There aren't too many games about sisterhood. Considering the paucity of games about women's experiences in general, this is not surprising. Brothers are everywhere, and the complex interplay of traditional masculinity and tenderness in the relationship of brothers to each other is fairly well-trod territory. But games about two young women against the world? Those are all but unheard of.
Depression and the Solace of 'Grinding' in Online Games
Call of Duty Is Back—and It's Grim as Heck
Rage 2's Open World Is More Barren Than It Should Be
Wolfenstein: Youngblood has one of those stories built into its core. That's probably why I like it so much, despite its flaws. There's a scene about half an hour into the game that cements it for me. Soph and Jess, twin daughters of Wolfenstein's famed Nazi-killing action hero BJ Blaskowicz, are on board a Nazi airship. One of them has just killed an armored guard. The first human they've ever killed. We know this trope, we've seen this story before: The person who did the killing is supposed to react horribly, with guilt and terror, as they process their own actions for the first time.
Instead, what Youngblood does is campy, frenetic, and fast: a montage of reactions, from the girls vomiting to high-fiving to cackling in their thick Texan accents above their enemy's corpse. The sequence ends with one of them drinking what appears to be a futuristic juice box (it's a campy game, like I said) and the other helping her to her feet, where they share a quiet moment of solidarity before continuing their mission for the French resistance. There's a sense of comraderie in this moment, and in all of Youngblood, that strikes me. Two young women, embarking into a space of violence and terror, having each others' backs. Y'know, with assault rifles and power suits. Normal sister stuff.
Developed by Machinegames, the creators of the modern Wolfenstein series, with help from Arkane Studios, creators of the Dishonored and Prey games, Wolfenstein: Youngblood is a co-op side entry in the series of alternate-history anti-Nazi resistance games, starring one or two players as BJ's daughters as they hunt for their missing father. Structurally, it's a bizarre hybrid of the typical single-player scripted approach of the previous games and a more open, mission-based system with character leveling, upgrades, and a small open world of dense Parisian streets. There are health bars, repeated side missions, and enemy armor that responds only to certain weapon types. The whole thing has been Diablo-ified.
Do these changes, meant to make the game more suitable to repeated co-op play, work for a series that has succeeded via the drama and tight design of its blood combat? Largely, they do not. The sprawling, layered Parisian streets and Nazi outposts you explore are fantastic places to be in, but the health bars, armor system, and emphasis on experience and collectibles all feels like busywork. I dug desperately through the menu for an option to just turn the health bars off and didn't find one. All the additional noise is aggravating, and pulls the player away from the basic things Youngblood does well.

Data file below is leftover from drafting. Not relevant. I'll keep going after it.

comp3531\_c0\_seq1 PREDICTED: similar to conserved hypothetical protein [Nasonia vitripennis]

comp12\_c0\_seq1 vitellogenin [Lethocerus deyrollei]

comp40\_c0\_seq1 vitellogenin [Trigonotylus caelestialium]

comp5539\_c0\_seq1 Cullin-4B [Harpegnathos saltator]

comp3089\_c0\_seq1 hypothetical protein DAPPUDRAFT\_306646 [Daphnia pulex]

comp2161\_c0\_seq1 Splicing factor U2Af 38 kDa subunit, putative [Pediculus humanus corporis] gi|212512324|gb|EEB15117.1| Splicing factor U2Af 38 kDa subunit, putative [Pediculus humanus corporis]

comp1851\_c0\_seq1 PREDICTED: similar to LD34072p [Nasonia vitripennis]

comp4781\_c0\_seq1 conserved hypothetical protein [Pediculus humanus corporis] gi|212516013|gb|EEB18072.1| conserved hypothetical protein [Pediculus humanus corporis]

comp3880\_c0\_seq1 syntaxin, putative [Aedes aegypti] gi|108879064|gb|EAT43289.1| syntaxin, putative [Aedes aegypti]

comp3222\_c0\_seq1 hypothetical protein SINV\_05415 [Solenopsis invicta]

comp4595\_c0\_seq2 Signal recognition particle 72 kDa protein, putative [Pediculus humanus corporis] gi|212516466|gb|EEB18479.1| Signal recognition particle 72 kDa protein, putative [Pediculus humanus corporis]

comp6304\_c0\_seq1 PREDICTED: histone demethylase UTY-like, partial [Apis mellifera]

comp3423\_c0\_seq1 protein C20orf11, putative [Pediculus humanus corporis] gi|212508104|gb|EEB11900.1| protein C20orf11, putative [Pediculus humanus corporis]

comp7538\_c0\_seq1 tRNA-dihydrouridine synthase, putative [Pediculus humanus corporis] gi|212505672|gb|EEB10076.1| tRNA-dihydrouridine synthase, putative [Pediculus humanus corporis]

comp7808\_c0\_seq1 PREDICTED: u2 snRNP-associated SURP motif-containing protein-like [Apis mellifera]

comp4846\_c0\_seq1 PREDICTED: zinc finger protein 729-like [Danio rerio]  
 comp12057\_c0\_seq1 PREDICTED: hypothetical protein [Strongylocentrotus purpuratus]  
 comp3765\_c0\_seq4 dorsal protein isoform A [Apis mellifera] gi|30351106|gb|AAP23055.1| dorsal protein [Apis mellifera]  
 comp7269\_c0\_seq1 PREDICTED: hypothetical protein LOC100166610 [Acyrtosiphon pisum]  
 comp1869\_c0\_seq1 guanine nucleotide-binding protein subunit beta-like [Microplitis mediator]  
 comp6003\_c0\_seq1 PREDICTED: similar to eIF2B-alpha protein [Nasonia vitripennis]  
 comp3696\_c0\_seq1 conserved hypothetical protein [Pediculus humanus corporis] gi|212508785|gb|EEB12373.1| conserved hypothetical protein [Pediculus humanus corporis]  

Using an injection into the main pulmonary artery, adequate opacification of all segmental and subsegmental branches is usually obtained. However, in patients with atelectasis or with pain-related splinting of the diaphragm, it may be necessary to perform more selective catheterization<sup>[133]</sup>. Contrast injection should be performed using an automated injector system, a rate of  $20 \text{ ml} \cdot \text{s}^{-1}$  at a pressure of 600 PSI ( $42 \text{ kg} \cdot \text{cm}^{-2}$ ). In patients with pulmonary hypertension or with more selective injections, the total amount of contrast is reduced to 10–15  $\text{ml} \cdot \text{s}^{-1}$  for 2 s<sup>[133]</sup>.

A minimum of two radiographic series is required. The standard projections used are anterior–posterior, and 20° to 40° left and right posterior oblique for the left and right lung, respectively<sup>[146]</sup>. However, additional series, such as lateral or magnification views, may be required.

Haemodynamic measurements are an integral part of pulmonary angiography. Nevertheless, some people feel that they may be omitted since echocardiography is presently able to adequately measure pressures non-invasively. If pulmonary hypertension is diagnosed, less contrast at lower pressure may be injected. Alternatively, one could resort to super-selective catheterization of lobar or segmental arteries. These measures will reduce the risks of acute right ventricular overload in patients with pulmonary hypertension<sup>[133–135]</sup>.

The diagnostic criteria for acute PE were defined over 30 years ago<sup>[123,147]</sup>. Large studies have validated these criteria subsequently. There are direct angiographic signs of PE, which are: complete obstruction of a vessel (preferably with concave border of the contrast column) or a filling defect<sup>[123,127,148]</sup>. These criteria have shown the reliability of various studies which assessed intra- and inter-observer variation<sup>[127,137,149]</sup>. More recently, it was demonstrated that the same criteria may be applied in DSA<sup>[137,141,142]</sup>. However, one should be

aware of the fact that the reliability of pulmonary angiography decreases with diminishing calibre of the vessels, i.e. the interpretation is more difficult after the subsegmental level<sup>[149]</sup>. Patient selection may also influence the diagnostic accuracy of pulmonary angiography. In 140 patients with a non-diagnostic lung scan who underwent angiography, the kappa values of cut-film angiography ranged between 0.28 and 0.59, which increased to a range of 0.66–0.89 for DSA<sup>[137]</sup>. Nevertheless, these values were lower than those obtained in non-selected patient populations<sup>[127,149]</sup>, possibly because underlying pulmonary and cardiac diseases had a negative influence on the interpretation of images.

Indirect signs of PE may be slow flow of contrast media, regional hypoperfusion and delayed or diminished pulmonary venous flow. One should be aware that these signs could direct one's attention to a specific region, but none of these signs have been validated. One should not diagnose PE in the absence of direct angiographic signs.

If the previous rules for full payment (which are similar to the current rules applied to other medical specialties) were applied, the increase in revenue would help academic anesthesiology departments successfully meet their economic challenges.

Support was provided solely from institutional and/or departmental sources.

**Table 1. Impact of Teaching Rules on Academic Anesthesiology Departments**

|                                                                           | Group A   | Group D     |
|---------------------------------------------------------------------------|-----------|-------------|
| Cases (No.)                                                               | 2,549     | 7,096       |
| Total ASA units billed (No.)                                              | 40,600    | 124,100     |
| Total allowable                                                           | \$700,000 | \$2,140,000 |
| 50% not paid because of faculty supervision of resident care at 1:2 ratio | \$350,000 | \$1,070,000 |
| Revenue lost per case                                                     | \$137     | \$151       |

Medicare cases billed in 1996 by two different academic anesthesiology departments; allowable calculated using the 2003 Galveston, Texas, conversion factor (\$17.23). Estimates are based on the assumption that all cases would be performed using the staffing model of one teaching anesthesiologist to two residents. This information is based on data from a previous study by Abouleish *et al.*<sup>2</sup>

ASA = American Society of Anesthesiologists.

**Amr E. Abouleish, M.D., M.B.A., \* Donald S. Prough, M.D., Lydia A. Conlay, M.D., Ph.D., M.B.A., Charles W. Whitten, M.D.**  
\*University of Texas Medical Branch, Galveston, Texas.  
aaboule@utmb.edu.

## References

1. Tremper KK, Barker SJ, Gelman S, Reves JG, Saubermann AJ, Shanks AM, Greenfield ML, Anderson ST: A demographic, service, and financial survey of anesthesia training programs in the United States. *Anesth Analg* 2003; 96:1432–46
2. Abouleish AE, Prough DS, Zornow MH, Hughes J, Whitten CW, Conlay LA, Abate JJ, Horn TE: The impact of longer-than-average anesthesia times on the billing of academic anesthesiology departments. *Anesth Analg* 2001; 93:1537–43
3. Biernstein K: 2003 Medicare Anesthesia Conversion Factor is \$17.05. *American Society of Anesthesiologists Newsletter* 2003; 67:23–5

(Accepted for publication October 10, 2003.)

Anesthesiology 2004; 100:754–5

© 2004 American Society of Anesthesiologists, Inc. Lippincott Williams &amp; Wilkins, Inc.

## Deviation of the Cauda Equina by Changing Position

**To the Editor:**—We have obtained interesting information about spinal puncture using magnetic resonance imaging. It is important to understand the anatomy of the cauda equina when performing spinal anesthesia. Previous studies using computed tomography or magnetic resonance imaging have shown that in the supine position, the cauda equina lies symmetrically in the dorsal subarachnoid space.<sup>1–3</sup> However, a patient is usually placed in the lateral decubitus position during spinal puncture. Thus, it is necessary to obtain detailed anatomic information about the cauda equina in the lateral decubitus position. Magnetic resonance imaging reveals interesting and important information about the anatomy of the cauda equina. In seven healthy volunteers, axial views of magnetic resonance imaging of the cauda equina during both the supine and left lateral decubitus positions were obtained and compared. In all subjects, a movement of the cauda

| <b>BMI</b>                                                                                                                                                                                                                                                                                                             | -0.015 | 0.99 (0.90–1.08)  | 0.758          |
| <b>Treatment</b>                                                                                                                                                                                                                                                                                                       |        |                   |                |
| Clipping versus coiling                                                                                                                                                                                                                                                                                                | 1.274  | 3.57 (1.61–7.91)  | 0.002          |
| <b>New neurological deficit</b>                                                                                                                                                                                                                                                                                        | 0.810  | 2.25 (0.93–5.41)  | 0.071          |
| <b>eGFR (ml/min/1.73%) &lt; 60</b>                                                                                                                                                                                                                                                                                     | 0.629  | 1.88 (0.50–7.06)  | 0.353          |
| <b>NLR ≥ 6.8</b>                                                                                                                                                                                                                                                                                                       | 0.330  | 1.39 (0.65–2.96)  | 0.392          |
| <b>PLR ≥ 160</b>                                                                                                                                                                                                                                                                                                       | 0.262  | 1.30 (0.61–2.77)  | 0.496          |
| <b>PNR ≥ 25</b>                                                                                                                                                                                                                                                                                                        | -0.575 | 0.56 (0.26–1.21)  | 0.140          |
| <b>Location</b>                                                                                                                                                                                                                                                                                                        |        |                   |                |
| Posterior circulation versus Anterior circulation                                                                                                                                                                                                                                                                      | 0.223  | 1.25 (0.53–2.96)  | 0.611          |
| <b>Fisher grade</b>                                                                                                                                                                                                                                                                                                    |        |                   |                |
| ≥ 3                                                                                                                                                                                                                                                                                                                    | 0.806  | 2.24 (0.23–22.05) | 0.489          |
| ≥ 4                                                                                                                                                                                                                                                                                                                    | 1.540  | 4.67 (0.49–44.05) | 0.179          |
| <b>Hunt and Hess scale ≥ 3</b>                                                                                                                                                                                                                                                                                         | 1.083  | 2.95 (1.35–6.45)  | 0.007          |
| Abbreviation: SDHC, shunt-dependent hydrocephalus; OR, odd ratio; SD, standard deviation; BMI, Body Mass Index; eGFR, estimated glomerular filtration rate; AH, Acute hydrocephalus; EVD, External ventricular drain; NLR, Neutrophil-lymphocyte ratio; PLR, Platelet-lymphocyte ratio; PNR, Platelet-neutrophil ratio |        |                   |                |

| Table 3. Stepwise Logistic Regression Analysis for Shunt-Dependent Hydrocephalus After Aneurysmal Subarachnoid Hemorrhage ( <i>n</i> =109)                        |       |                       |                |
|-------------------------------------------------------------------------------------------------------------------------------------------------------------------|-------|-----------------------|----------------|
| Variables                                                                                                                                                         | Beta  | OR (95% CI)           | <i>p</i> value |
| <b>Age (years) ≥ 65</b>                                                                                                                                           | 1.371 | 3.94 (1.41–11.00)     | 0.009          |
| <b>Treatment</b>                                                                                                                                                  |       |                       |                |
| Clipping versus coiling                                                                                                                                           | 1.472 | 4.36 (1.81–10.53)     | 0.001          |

Those successes are mostly tonal. The half-goofy half-earnest story of these sisters gripped me, and I adore the way the co-op element of the game ties it into every aspect of play. Your sister is always there, helping you, offering you health and encouragement, fighting by your side. This works best with a real player working the controls, but the AI is, while not great, decent enough that I mostly didn't pay it too much mind outside of poorly balanced boss encounters. Likewise, the girls control somewhat differently than their father. They're more wiry, more frail, faster and smaller. Even when wearing a super-powered exoskeleton, there's a sense of being of a different shape than most of your foes.
If only the game was better structured around the relative frailty of its heroines—the lack of effective stealth, specifically, is a bummer. Wolfenstein has an ongoing problem with this. The games want you to try to sneak around and include some tools for doing it, but never enough tools, and the enemies are always laid out in a way that makes effectively stealthing through a section of the game impossible. Even with a default stealth cloaking ability, I found sneaking around like a shadowy knife in the night to be largely undoable, which always frustrated me.
But, oh, the mood of this game! The feeling of running through the Paris streets causing trouble with your sister. The way Jess and Soph squabble in their thick accents. Their small attempts to appear more imposing, and more adult, to their allies and enemies alike. Their inside jokes. There's a vibrancy at the narrative core of Youngblood that radiates outward, and it charms me even at the game's otherwise most frustrating moments. I love these sisters and their big, dumb Nazi-killing adventures. Games need more young women like this, messy and alive and fun as hell. I love being in their presence, and I hope this isn't the last game we see them in. They deserve a better one.
- How Loon's balloons find their way to deliver the internet
- Did this international drug dealer create bitcoin? Maybe !
- Cold War–era bunker mania forever altered Albania
- The “manosphere” and the challenge of quantifying hate
- Fear, misinformation, and measles spread in Brooklyn
- 💻 Upgrade your work game with our Gear team’s favorite laptops , keyboards , typing alternatives , and noise-canceling headphones
- 📩 Want more? Sign up for our daily newsletter and never miss our latest and greatest stories
These games have always been accused of being button-mashers—games where you can just hit the attack button over and over again and win most encounters—but Kingdom Hearts III , being balanced primarily for new players in all of its difficulty settings, was a particularly glaring example for the vast majority of the game.